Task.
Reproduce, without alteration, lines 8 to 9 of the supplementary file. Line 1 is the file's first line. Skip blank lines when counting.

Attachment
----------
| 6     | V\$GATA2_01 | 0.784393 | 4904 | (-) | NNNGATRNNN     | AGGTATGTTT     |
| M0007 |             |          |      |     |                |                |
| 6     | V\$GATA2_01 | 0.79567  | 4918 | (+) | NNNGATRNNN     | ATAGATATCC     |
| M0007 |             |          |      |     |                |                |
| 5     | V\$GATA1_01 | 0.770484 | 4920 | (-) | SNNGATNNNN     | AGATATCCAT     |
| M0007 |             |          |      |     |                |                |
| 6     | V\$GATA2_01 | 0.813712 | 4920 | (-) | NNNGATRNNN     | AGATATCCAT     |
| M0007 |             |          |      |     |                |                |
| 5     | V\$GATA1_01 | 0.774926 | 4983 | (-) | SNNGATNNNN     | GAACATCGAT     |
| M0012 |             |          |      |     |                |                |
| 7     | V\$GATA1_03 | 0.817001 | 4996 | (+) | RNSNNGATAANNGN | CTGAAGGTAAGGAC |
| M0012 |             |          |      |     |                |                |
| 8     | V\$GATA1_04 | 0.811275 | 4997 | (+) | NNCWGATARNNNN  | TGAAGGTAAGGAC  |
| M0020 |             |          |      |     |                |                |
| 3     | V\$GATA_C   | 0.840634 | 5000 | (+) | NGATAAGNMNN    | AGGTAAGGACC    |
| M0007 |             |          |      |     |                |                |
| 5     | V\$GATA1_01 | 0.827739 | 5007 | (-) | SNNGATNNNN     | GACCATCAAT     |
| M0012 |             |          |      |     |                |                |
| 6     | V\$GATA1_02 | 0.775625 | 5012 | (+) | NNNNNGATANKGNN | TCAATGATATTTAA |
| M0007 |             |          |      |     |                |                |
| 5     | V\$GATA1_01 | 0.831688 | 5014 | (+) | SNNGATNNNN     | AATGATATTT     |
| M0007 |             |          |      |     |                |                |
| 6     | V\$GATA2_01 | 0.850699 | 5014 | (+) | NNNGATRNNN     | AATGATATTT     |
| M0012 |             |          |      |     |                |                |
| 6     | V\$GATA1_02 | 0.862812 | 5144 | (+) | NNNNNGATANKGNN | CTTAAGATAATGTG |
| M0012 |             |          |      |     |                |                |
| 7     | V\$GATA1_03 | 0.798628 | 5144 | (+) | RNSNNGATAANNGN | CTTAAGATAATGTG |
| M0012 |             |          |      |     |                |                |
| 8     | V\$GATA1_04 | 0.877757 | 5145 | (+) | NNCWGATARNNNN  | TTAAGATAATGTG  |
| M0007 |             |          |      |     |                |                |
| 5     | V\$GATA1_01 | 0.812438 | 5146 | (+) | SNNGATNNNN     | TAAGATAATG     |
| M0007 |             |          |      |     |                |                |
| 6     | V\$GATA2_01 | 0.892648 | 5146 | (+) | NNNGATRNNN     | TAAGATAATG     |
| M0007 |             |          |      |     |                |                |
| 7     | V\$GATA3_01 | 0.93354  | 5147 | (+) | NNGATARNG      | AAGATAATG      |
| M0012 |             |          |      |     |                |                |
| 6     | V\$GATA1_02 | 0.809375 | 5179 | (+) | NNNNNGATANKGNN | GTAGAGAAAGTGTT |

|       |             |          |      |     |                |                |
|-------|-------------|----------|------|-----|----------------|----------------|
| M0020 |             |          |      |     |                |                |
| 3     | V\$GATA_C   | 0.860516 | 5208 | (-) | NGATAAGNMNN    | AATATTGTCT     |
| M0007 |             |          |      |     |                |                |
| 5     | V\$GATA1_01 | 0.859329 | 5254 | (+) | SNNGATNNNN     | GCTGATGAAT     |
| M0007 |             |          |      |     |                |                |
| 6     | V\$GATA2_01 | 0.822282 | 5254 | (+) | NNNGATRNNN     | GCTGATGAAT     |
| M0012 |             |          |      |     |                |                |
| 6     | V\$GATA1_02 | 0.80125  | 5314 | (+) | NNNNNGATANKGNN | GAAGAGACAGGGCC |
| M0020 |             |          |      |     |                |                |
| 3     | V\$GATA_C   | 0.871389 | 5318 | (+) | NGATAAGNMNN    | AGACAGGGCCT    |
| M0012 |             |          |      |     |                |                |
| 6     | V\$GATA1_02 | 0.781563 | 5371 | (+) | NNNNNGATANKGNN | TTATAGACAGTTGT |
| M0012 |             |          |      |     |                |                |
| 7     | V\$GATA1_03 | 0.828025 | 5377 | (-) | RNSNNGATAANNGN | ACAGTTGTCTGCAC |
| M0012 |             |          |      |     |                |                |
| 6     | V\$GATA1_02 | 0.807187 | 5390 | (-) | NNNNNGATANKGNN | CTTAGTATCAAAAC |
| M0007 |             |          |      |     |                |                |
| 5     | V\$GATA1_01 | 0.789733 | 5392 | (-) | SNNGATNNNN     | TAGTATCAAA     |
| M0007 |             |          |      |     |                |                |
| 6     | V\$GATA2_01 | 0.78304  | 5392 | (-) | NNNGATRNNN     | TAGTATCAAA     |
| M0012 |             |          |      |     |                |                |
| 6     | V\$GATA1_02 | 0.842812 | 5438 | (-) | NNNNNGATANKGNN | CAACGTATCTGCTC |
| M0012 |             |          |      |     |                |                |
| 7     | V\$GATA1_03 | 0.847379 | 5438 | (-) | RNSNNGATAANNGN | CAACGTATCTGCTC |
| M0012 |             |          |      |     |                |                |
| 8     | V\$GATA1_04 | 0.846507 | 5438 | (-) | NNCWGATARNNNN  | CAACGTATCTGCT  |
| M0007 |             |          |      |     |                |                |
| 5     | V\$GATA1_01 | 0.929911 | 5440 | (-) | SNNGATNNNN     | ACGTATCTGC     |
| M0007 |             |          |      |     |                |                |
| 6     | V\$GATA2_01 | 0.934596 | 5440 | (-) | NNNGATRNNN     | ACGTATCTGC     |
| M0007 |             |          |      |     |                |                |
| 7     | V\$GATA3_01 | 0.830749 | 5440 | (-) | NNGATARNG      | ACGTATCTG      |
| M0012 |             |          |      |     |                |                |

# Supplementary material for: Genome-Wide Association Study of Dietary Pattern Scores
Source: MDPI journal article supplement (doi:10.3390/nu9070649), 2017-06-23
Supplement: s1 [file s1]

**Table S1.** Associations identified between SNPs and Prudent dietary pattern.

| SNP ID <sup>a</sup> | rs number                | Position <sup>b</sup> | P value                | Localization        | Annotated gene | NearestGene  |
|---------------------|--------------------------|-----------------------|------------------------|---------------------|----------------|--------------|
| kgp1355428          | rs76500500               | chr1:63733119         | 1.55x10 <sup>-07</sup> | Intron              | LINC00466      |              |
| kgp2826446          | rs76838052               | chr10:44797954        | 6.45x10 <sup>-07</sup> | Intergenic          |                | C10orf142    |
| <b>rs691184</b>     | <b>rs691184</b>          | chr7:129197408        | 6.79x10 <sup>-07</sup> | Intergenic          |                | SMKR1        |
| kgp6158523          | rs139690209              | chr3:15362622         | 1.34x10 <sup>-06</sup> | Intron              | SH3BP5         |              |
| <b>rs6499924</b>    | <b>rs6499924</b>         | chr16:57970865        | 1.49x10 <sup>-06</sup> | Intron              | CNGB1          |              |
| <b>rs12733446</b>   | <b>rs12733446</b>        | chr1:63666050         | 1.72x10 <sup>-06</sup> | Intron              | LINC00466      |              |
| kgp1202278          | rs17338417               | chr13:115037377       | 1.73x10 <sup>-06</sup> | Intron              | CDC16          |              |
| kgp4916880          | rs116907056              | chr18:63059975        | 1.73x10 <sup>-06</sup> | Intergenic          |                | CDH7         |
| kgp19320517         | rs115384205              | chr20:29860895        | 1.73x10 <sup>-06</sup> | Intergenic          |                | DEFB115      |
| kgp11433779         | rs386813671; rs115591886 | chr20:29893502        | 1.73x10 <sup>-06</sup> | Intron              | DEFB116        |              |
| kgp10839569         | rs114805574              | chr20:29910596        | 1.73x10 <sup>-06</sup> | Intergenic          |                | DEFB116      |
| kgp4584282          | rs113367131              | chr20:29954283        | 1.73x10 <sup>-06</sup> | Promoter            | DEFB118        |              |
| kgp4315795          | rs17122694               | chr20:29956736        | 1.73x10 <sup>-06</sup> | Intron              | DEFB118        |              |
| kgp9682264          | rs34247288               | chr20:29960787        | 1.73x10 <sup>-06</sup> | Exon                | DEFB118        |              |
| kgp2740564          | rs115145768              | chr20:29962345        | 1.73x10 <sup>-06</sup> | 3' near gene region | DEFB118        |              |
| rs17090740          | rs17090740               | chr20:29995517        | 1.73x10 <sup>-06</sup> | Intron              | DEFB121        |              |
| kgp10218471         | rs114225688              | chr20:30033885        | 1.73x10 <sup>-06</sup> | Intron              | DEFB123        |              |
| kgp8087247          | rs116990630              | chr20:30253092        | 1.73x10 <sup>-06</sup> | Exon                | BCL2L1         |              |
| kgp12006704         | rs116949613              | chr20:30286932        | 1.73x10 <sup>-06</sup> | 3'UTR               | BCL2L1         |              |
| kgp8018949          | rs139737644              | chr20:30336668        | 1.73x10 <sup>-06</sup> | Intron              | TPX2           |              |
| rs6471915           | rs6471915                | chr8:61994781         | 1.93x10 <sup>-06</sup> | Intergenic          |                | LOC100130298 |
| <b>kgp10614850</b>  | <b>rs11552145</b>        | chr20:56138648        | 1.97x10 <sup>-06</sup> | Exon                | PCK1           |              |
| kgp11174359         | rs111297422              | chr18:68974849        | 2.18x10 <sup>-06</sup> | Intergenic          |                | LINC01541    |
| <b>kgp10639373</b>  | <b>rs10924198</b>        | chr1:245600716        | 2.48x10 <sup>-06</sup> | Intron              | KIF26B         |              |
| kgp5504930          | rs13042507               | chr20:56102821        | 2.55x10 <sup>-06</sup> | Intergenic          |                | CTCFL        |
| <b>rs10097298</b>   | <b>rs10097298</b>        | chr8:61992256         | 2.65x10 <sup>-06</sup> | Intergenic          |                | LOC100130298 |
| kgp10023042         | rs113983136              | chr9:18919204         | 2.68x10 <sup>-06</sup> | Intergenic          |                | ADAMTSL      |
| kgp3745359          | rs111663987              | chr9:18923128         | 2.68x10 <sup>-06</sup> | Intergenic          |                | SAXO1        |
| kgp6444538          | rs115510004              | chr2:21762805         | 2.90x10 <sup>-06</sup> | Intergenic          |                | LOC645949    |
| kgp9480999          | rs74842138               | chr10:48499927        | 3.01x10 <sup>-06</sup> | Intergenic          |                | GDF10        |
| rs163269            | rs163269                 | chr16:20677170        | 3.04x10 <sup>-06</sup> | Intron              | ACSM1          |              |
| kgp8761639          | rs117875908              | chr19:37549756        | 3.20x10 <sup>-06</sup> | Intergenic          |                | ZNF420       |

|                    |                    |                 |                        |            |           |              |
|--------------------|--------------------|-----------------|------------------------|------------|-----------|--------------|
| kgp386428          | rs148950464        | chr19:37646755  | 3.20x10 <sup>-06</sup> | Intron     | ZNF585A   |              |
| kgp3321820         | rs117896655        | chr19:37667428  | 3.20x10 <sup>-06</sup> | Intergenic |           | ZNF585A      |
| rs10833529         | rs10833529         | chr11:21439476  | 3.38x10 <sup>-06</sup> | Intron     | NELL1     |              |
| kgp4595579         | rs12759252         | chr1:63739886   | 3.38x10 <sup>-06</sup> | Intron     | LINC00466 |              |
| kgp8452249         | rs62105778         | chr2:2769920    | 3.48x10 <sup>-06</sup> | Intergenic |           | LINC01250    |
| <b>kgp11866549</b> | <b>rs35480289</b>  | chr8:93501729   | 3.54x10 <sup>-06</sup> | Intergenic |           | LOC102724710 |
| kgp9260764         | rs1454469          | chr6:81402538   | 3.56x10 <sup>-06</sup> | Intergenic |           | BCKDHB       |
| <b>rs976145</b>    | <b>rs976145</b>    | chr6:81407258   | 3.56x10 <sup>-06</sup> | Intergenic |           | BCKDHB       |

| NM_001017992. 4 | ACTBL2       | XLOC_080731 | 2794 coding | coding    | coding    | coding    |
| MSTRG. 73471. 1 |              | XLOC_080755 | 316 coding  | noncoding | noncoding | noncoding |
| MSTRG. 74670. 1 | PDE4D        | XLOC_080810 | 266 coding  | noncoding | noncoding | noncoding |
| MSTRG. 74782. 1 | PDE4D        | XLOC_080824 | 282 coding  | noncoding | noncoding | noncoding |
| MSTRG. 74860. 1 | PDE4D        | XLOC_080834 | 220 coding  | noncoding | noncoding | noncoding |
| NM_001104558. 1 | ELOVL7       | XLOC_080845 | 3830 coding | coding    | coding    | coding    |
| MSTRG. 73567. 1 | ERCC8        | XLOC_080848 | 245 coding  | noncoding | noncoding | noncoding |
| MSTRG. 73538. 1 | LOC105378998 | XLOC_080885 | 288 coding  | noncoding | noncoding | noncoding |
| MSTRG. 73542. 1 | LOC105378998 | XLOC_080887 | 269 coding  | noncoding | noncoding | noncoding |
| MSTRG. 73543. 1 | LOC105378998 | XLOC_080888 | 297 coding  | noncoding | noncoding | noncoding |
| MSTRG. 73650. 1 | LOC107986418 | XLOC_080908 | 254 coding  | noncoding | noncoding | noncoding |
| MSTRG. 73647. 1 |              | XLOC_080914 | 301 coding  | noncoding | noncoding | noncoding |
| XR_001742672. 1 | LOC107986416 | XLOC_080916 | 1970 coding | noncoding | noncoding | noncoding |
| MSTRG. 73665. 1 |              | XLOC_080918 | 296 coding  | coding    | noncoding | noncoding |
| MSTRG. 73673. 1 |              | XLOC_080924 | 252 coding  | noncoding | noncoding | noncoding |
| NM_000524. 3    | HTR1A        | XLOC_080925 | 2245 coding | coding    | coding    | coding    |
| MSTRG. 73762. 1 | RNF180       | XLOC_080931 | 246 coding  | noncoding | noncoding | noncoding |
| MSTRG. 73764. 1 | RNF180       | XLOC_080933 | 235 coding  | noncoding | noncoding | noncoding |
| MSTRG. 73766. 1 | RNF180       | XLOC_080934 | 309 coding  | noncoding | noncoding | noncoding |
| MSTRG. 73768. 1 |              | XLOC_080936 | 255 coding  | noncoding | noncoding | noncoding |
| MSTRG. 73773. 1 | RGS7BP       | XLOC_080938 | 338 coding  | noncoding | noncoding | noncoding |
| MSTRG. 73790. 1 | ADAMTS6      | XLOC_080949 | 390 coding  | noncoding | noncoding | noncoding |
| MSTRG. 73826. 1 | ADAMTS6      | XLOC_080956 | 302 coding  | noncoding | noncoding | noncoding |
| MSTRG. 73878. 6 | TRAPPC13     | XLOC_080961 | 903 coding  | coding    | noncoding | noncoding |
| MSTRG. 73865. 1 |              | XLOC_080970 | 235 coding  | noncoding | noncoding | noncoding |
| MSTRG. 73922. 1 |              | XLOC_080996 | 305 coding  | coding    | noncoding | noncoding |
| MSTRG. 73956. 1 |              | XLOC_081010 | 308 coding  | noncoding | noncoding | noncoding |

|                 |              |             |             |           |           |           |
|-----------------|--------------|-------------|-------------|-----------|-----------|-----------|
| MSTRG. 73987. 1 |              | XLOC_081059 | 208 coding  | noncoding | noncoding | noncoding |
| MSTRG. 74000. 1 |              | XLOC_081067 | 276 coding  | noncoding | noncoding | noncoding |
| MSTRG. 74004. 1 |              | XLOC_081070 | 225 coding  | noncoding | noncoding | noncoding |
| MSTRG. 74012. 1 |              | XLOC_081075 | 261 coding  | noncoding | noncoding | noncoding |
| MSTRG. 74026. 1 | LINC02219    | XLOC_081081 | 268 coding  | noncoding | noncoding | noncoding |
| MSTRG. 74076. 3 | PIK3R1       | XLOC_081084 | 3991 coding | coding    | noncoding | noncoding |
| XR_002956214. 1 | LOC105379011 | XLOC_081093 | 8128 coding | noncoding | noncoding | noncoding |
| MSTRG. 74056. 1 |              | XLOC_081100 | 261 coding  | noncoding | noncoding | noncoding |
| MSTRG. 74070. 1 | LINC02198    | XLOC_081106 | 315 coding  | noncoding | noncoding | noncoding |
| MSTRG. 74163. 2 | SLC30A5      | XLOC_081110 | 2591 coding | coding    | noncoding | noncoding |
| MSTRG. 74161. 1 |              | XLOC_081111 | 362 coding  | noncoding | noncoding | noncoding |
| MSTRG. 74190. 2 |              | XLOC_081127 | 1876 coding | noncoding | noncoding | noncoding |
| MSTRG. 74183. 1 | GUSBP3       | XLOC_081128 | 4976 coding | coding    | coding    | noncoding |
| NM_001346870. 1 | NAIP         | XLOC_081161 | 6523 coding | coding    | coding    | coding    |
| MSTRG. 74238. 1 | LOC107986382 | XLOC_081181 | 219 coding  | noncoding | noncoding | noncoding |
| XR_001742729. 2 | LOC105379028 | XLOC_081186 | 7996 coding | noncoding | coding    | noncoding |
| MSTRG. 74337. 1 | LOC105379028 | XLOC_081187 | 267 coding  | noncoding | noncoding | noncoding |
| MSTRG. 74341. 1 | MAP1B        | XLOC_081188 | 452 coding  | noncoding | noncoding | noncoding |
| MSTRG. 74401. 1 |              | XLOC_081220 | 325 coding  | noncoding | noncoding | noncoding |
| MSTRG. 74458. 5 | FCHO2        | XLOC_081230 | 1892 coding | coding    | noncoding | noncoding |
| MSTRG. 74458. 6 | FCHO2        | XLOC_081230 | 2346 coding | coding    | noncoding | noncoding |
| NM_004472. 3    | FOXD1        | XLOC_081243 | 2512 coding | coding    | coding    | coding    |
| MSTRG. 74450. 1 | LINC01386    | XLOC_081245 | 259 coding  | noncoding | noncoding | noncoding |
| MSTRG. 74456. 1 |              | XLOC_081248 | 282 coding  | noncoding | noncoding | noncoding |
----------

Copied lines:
| M0007 |             |          |      |     |                |                |
| 5     | V\$GATA1_01 | 0.774926 | 4983 | (-) | SNNGATNNNN     | GAACATCGAT     |